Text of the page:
Send to

Choose Destination
Eur J Neurosci. 2002 Jan;15(2):291-307.

Distinct localization of GABA(B) receptors relative to synaptic sites in the rat cerebellum and ventrobasal thalamus.

Author information

Division of Cerebral Structure, National Institute for Physiological Sciences, Myodaiji, Okazaki 444-8585, Japan.


Metabotropic gamma-aminobutyric acid receptors (GABA(B)Rs) are involved in modulation of synaptic transmission and activity of cerebellar and thalamic neurons. We used subtype-specific antibodies in pre- and postembedding immunohistochemistry combined with three-dimensional reconstruction of labelled profiles and quantification of immunoparticles to reveal the subcellular distribution of pre- and postsynaptic GABA(B)R1a/b and GABA(B)R2 in the rat cerebellum and ventrobasal thalamus. GABA(B)R1a/b and R2 were extensively colocalized in most brain regions including the cerebellum and thalamus. In the cerebellum, immunoreactivity for both subtypes was prevalent in the molecular layer. The most intense immunoreactivity was found in Purkinje cell spines with a high density of immunoparticles at extrasynaptic sites peaking at around 240 nm from glutamatergic synapses between spines and parallel fibre varicosities. This is in contrast to dendrites at sites around GABAergic synapses where sparse and random distribution was found for both subtypes. In addition, more than one-tenth of the synaptic membrane specialization of spine-parallel fibre synapses were labelled at pre- or postsynaptic sites. Weak immunolabelling for both subtypes was also seen in parallel fibres but only rarely in GABAergic axons. In the ventrobasal thalamus, immunolabelling for both receptor subtypes was intense over the dendritic field of thalamocortical cells. Electron microscopy demonstrated an extrasynaptic localization of GABA(B)R1a/b and R2 exclusively in postsynaptic elements. Quantitative analysis further revealed the density of GABA(B)R1a/b around GABAergic synapses was higher than glutamatergic synapses on thalamocortical cell dendrites. The distinct localization of GABA(B)Rs relative to synaptic sites in the cerebellum and ventrobasal thalamus suggests that GABA(B)Rs differentially regulate activity of different neuronal populations.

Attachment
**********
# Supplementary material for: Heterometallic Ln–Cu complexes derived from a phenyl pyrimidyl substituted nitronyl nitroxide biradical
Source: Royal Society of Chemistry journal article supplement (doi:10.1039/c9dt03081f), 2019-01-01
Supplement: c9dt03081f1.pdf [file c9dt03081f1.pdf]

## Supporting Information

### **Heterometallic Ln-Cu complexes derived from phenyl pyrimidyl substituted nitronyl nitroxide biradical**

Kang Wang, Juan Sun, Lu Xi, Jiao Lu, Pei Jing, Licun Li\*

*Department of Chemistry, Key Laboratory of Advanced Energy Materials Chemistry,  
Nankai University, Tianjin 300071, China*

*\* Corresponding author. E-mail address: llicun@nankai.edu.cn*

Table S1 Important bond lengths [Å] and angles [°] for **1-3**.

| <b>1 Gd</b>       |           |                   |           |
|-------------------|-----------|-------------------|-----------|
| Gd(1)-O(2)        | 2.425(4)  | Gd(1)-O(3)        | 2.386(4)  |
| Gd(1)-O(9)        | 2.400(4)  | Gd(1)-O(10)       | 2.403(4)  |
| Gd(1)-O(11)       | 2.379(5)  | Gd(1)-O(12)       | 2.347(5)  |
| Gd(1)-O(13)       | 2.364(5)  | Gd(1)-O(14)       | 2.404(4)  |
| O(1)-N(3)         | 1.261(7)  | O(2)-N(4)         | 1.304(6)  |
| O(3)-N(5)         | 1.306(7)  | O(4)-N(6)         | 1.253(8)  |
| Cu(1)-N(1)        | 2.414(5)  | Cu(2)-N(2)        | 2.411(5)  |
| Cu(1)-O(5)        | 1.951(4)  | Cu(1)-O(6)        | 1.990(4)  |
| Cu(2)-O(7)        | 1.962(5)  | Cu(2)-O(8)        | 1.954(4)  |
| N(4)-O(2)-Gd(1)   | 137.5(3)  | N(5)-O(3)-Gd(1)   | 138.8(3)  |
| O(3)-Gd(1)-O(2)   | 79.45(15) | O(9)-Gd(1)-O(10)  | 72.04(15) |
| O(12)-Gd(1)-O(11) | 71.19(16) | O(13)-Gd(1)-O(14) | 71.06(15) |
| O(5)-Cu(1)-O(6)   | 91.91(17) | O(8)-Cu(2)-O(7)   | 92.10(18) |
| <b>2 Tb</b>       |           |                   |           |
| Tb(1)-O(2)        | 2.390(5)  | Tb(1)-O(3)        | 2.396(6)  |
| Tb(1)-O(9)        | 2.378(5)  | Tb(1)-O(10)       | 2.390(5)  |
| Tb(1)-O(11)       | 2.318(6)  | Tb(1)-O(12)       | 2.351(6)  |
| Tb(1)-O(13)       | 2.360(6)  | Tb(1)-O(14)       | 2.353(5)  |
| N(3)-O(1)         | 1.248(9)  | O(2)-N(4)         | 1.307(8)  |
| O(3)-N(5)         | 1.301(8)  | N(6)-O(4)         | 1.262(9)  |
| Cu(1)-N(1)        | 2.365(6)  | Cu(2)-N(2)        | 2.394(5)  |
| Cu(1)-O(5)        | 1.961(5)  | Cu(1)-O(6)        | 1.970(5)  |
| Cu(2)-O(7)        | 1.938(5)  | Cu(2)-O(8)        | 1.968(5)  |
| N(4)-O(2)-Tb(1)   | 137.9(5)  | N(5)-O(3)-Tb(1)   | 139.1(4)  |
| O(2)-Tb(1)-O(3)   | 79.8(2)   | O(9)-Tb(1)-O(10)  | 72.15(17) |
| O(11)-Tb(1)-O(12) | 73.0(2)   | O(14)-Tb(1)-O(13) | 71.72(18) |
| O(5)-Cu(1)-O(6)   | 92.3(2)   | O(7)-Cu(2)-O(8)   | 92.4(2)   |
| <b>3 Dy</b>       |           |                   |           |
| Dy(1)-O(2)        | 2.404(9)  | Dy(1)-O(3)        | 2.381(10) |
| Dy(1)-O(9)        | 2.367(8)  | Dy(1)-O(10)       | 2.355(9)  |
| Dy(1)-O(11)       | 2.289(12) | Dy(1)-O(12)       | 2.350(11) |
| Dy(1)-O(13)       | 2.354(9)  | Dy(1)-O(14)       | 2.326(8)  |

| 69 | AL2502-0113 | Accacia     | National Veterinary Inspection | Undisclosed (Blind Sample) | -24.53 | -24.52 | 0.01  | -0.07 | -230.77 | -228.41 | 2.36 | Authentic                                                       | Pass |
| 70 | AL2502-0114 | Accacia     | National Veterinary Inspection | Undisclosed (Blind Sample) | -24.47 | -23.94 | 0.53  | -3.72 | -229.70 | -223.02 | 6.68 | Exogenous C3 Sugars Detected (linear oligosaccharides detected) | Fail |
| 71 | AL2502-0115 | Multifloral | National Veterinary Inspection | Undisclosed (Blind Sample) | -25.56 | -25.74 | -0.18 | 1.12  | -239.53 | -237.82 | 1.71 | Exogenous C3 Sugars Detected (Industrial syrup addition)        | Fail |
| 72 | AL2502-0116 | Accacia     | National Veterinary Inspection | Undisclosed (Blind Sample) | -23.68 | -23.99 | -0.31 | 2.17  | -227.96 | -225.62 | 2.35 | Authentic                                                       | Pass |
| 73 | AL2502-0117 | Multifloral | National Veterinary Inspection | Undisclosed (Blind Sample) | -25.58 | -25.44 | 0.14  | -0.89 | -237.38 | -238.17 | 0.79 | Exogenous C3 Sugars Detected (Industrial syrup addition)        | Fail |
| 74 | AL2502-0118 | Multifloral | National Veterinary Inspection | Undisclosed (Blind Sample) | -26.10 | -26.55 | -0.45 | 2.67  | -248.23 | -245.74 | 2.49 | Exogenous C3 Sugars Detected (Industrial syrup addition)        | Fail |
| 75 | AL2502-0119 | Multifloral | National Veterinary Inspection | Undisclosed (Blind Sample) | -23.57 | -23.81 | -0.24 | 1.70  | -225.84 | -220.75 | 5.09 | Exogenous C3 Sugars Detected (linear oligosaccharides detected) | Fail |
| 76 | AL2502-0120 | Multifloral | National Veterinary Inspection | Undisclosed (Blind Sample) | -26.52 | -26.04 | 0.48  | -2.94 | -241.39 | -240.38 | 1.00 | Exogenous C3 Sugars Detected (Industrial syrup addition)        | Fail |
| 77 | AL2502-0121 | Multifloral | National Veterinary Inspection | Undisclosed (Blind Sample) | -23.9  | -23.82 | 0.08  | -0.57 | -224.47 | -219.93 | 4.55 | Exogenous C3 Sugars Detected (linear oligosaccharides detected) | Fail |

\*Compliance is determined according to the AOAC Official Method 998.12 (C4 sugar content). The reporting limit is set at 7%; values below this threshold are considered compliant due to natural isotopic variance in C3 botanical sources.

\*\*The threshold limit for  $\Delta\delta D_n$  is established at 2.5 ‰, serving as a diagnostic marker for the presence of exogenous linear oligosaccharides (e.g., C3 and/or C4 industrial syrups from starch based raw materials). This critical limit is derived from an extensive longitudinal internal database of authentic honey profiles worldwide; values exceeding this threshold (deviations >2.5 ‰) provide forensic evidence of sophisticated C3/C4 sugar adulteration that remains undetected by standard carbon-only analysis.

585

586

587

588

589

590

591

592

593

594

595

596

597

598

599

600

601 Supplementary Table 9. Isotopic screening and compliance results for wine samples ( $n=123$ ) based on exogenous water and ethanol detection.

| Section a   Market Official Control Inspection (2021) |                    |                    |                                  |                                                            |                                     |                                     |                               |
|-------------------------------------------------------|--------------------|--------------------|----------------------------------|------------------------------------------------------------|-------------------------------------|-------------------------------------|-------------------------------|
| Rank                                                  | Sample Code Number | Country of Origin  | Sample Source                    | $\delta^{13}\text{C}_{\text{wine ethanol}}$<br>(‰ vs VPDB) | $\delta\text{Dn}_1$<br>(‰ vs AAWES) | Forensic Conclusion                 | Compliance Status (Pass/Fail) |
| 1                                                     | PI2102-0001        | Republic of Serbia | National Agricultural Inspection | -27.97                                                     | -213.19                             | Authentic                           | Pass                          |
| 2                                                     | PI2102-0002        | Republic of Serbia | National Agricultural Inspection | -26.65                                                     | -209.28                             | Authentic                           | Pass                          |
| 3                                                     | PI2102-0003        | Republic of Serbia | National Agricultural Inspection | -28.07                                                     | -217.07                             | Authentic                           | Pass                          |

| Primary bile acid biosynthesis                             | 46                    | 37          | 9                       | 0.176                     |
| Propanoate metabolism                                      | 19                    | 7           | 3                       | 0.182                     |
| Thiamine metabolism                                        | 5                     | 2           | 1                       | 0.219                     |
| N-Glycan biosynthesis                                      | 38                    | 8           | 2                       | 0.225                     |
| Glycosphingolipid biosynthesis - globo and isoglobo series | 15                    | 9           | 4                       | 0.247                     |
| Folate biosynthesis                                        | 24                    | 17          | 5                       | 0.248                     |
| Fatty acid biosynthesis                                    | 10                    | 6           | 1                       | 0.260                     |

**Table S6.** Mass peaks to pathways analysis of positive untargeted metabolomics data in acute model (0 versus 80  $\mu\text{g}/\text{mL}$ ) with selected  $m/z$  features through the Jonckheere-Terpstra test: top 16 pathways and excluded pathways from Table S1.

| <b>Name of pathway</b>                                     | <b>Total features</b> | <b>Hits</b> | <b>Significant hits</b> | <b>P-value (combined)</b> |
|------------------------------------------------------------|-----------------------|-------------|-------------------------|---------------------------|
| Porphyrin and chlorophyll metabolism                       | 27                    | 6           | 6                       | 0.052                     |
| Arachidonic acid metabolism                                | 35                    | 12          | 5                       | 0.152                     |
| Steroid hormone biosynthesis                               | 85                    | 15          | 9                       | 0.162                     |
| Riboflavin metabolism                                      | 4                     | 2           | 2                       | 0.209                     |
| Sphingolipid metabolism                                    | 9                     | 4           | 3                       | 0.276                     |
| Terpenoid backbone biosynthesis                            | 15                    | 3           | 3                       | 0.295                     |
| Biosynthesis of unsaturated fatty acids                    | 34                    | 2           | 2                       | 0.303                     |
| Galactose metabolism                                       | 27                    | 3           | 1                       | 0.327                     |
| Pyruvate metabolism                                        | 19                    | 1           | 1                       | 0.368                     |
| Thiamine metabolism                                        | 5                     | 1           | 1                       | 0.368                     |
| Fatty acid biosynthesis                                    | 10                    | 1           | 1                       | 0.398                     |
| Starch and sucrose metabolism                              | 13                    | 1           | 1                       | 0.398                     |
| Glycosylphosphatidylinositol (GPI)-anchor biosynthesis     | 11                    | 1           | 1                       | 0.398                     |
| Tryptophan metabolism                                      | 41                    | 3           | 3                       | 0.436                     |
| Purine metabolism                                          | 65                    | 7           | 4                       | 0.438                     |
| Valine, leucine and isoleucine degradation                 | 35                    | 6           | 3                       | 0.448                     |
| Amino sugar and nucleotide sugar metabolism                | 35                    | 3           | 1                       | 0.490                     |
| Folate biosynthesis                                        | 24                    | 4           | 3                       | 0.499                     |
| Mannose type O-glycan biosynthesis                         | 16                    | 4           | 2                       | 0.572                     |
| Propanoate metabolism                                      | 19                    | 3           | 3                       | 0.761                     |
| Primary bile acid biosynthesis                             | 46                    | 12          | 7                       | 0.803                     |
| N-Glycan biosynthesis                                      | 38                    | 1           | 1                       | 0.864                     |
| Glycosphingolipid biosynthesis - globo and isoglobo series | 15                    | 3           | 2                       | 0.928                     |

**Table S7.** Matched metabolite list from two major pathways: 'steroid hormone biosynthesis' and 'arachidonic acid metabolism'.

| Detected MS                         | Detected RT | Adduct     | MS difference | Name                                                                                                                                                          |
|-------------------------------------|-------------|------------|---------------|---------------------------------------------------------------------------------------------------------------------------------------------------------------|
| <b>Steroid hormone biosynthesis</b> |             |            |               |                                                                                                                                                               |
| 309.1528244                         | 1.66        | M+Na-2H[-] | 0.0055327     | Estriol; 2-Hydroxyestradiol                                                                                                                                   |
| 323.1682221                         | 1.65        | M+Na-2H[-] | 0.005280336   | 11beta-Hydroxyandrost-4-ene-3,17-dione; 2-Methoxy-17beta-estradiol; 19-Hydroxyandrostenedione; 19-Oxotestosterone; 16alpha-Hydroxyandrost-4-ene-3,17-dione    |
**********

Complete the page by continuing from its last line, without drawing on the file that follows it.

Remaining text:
[Indexed for MEDLINE]

Supplemental Content

Full text links

Icon for Wiley
Loading ...
Support Center